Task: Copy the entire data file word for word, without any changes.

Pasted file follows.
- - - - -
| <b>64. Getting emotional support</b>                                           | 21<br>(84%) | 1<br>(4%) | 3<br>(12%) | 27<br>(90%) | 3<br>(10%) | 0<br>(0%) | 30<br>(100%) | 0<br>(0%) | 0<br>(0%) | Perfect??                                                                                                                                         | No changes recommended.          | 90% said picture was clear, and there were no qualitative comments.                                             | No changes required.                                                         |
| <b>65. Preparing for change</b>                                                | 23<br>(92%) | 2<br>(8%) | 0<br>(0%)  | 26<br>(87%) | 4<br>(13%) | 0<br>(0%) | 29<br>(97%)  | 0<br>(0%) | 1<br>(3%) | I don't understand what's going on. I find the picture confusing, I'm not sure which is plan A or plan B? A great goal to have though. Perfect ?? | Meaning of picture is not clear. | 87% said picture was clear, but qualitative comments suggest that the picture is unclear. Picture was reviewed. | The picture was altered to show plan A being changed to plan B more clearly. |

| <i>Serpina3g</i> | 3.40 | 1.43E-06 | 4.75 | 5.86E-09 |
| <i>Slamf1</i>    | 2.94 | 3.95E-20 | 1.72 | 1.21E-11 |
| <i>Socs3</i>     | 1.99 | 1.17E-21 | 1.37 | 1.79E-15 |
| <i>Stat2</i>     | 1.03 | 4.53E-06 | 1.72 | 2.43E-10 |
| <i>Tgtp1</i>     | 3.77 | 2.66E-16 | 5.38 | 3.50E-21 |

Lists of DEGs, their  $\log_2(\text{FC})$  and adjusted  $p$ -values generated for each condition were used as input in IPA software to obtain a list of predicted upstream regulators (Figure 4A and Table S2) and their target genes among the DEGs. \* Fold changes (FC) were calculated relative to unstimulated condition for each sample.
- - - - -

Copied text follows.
| <b>64. Getting emotional support</b>                                           | 21<br>(84%) | 1<br>(4%) | 3<br>(12%) | 27<br>(90%) | 3<br>(10%) | 0<br>(0%) | 30<br>(100%) | 0<br>(0%) | 0<br>(0%) | Perfect??                                                                                                                                         | No changes recommended.          | 90% said picture was clear, and there were no qualitative comments.                                             | No changes required.                                                         |
| <b>65. Preparing for change</b>                                                | 23<br>(92%) | 2<br>(8%) | 0<br>(0%)  | 26<br>(87%) | 4<br>(13%) | 0<br>(0%) | 29<br>(97%)  | 0<br>(0%) | 1<br>(3%) | I don't understand what's going on. I find the picture confusing, I'm not sure which is plan A or plan B? A great goal to have though. Perfect ?? | Meaning of picture is not clear. | 87% said picture was clear, but qualitative comments suggest that the picture is unclear. Picture was reviewed. | The picture was altered to show plan A being changed to plan B more clearly. |

| <i>Serpina3g</i> | 3.40 | 1.43E-06 | 4.75 | 5.86E-09 |
| <i>Slamf1</i>    | 2.94 | 3.95E-20 | 1.72 | 1.21E-11 |
| <i>Socs3</i>     | 1.99 | 1.17E-21 | 1.37 | 1.79E-15 |
| <i>Stat2</i>     | 1.03 | 4.53E-06 | 1.72 | 2.43E-10 |
| <i>Tgtp1</i>     | 3.77 | 2.66E-16 | 5.38 | 3.50E-21 |

Lists of DEGs, their  $\log_2(\text{FC})$  and adjusted  $p$ -values generated for each condition were used as input in IPA software to obtain a list of predicted upstream regulators (Figure 4A and Table S2) and their target genes among the DEGs. \* Fold changes (FC) were calculated relative to unstimulated condition for each sample.